The Broken Remotes | Tonight's Last Stand

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Tonight's Last Stand

by The Broken Remotes

The sophomore LP from these LA indie-rockers is a unique blend of their punk and folk influences, an honest and literate record that owes as much to Neil Young as it does to the Clash.
Genre: Rock: Punk
Release Date: 

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  Song Share Time Download
1. Let's Make This Worth The Regret
4:01 $0.99
2. Arms Held Aloft
3:56 $0.99
3. Stick With Me, Kid
3:14 $0.99
4. This Time Is The Exception
4:11 $0.99
5. Shut Off The Machines
3:58 $0.99
6. Lose The Swagger
3:21 $0.99
7. Where The Curb Is Painted Red
3:56 $0.99
8. Pages Of The Weekly
3:17 $0.99
9. In Favor Of The Grey
3:06 $0.99
10. On The Take
3:21 $0.99
Downloads are available as MP3-320 files.


Album Notes
Two years after the release of their debut LP, Throw Me The Keys, the Broken Remotes return with Tonight's Last Stand (Room 206 Records). Frontman Jon Leahy is joined this time around by Amy Wood on Drums, Josh Schwartz on guitar and bass, and Dave Yaden on keyboards, and the musicianship heard here is miles ahead of the earlier effort.

The record's title comes from a lyric in the closing track, On The Take: "and though your heart is a dirty cop on the take/ it's bent your conscience but where your conscience will not break/ it's there we'll make, it's there we'll make tonight's last stand." Together with the album opener, Let's Make This Worth The Regret, it becomes clear that Leahy and co. are focusing on an urgent, if some what narrow subject: tonight. Of course it's not just any night, it's one filled with equal parts heartbreak and redemption, and the stories are told with a genuine empathy and optimism that give the album it's unique feel. The album unfolds musically in two sides: side A is electric, up-tempo, where side B is more acoustic, mid-tempo. Where the first half of the album says what it wants on impulse, the second half thinks for a second before speaking. In a strange way it's almost as if we hear the band mature as the record plays, both musically and lyrically.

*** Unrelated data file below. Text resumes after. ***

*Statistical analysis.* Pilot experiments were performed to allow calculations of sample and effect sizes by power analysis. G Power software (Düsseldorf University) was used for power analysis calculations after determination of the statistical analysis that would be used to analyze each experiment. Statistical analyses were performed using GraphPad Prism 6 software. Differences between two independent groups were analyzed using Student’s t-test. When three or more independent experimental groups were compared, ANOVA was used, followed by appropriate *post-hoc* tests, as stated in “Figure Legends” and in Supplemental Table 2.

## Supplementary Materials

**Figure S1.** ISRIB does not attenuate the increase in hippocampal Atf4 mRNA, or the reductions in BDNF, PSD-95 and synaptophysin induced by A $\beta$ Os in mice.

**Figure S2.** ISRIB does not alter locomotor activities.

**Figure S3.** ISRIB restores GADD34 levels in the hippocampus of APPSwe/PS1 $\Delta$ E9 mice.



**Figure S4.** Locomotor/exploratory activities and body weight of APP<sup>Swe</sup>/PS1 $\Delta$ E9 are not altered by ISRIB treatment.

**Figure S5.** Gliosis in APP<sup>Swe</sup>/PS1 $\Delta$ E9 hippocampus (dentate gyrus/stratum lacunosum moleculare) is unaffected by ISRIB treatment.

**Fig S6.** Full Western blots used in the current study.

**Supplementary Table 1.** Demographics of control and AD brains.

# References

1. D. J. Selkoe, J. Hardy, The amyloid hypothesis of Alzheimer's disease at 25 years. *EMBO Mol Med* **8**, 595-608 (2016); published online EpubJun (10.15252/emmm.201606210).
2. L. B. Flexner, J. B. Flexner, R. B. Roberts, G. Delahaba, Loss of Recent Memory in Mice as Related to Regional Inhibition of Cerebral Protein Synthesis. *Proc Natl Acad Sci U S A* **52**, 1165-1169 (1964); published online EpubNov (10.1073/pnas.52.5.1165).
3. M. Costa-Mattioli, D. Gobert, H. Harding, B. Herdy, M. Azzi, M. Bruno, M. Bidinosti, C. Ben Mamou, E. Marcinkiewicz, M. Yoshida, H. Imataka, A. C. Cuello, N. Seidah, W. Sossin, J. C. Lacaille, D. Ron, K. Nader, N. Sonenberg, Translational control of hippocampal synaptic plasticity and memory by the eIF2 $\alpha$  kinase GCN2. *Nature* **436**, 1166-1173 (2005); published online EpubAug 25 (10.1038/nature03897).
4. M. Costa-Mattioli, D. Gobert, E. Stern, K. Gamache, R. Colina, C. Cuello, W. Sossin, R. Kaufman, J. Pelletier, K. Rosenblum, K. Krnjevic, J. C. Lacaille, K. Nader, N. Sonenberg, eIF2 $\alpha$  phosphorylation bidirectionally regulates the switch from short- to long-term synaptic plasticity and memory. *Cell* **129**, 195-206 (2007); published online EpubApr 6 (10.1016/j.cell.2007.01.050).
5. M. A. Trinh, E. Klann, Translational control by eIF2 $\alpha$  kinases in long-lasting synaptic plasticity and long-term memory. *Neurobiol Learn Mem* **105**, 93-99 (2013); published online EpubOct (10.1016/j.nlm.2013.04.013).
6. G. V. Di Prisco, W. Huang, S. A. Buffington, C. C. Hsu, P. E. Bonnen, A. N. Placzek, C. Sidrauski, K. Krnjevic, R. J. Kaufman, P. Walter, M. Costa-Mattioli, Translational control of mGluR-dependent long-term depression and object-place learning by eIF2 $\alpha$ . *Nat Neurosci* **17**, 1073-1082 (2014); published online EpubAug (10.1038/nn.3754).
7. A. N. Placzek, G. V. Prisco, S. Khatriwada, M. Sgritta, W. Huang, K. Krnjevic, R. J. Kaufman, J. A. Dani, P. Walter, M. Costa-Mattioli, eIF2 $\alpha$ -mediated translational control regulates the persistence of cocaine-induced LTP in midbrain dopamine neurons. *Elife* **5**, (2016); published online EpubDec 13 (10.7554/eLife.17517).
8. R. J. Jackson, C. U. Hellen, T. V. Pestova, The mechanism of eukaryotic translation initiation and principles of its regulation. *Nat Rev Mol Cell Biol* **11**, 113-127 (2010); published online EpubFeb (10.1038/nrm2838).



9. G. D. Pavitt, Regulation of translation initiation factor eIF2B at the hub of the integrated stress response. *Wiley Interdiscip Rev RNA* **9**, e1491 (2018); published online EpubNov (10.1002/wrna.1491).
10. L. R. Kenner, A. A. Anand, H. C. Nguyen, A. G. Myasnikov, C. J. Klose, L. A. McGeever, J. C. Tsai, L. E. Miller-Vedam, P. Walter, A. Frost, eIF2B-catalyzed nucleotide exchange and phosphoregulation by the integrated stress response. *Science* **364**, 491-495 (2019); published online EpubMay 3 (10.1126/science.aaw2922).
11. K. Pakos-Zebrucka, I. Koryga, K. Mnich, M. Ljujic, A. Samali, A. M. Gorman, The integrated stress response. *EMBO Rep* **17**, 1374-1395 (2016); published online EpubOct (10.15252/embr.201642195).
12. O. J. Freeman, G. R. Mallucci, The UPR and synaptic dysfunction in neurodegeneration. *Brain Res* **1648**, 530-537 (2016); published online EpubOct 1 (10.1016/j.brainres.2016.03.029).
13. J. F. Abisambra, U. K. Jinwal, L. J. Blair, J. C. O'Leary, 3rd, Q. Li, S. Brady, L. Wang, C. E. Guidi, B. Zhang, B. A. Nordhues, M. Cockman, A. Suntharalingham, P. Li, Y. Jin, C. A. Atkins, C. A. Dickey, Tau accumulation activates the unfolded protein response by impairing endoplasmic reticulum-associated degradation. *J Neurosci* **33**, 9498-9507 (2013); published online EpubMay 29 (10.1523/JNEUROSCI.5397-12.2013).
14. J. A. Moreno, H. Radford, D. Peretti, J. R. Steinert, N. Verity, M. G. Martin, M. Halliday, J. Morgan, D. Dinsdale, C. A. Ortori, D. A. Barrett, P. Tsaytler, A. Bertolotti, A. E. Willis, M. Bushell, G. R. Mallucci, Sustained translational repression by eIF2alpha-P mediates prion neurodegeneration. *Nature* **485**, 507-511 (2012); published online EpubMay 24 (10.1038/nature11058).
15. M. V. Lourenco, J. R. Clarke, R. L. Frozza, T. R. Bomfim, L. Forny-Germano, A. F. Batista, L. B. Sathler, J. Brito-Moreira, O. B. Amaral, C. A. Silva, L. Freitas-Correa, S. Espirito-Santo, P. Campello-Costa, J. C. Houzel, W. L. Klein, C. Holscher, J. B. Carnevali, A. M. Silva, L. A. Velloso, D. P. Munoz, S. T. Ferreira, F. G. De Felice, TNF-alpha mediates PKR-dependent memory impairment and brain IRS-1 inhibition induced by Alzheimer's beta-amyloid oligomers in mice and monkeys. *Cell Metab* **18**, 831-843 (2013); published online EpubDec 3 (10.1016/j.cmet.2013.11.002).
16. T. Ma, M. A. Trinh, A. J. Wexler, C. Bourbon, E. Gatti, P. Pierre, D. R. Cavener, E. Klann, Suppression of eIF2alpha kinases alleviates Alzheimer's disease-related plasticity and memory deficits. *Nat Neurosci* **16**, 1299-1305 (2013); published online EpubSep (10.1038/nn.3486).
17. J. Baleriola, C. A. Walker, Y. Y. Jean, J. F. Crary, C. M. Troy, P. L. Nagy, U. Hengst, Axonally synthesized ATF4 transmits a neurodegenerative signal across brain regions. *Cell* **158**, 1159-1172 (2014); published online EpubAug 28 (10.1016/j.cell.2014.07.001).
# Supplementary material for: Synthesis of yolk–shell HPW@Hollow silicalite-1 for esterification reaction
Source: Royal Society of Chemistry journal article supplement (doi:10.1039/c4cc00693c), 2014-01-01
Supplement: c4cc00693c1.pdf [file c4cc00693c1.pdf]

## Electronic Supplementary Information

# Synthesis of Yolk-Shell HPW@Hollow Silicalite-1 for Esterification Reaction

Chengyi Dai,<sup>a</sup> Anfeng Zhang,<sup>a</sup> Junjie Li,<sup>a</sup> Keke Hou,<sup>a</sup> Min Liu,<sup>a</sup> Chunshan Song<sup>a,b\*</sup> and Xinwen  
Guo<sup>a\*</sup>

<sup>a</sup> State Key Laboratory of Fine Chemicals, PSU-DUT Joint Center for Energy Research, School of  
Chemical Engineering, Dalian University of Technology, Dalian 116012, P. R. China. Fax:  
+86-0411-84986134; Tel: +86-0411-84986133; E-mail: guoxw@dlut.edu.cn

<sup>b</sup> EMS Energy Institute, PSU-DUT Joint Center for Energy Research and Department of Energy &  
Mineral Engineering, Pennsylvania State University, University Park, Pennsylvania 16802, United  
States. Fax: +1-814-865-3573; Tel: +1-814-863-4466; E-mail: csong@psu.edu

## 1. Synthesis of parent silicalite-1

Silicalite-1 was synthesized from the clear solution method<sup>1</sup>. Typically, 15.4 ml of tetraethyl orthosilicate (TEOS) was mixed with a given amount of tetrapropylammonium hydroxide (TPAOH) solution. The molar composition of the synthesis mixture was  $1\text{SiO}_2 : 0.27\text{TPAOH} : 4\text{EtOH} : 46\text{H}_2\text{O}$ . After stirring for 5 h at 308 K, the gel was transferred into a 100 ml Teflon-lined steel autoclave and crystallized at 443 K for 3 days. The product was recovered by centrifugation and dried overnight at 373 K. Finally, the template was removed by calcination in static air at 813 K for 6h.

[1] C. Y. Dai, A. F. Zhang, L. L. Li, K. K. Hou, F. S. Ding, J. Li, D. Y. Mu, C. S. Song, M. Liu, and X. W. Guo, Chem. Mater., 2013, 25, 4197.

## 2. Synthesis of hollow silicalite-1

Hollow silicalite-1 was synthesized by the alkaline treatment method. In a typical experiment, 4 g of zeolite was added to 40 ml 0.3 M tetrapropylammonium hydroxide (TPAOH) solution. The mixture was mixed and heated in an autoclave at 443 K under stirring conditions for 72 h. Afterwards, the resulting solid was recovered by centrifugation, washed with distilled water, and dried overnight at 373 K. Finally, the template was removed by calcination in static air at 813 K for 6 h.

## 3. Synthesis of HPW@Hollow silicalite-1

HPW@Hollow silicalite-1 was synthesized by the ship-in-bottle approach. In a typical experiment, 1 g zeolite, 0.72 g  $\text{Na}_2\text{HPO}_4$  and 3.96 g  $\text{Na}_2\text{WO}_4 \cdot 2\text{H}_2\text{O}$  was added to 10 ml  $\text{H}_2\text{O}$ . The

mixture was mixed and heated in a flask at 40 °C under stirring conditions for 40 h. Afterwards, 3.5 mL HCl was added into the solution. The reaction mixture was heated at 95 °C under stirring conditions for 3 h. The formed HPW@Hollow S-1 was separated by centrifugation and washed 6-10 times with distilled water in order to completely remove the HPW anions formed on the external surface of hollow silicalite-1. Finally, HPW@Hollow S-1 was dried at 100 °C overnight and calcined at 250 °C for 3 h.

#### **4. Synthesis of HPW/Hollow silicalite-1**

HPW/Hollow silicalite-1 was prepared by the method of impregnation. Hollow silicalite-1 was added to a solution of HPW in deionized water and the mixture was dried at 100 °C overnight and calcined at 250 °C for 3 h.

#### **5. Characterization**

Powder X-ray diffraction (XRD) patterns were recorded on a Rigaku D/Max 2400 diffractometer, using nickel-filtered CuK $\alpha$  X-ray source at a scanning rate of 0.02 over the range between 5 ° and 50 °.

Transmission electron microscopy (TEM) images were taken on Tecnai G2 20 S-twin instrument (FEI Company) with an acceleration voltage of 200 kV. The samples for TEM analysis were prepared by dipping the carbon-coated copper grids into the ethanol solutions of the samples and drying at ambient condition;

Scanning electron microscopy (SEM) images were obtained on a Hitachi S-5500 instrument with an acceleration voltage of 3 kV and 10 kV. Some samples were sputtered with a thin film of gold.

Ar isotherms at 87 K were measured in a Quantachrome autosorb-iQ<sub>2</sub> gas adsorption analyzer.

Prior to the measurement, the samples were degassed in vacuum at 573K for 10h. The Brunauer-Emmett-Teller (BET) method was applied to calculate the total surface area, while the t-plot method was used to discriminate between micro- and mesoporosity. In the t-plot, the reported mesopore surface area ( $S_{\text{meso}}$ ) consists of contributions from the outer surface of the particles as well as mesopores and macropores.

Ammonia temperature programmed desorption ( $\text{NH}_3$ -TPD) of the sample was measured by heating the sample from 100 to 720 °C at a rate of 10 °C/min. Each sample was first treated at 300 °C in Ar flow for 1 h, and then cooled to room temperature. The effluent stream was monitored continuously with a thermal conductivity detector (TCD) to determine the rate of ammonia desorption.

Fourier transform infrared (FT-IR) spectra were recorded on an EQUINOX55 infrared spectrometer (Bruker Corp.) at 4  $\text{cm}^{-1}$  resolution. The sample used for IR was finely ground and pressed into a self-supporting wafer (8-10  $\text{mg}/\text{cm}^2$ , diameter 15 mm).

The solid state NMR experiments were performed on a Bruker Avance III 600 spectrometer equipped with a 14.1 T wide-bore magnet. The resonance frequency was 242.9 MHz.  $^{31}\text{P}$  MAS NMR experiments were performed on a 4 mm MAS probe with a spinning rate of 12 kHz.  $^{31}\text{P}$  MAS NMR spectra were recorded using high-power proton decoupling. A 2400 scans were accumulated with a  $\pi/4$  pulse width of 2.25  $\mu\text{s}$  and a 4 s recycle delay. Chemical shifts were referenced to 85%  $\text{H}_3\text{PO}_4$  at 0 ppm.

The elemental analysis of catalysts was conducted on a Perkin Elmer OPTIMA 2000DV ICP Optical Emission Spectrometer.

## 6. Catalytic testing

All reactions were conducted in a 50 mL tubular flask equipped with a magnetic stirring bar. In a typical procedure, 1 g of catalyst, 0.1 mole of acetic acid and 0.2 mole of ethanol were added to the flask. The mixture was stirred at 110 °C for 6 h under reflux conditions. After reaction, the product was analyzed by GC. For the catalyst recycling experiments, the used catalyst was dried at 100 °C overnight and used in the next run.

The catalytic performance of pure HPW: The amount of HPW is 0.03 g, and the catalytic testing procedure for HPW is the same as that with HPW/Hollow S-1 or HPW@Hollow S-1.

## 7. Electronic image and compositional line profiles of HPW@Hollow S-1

The band takes a few risks along the way, like the nylon string folk-freakout Shut Off The Machines, which begins with the lines "There's a straight line between forgiveness and revenge/ And it passes through the bullet in my teeth" and the slow alt-country waltz Pages of the Weekly, which showcases the country chops of both Schwartz and Yaden. But the most successful merging of youthful bravado and mature contemplation is a tune called Where The Curb Is Painted Red, a Neil Young tinged track which ends with a confounding apology, "Forgive me darling, forgive me/ even good men carry swords." It's lines like these that give the album its soul, and promise more great records to come.



to write a review

Andres Munoz

Damn Good!
This album is great love all the songs and their unique sound! Keep up the good work.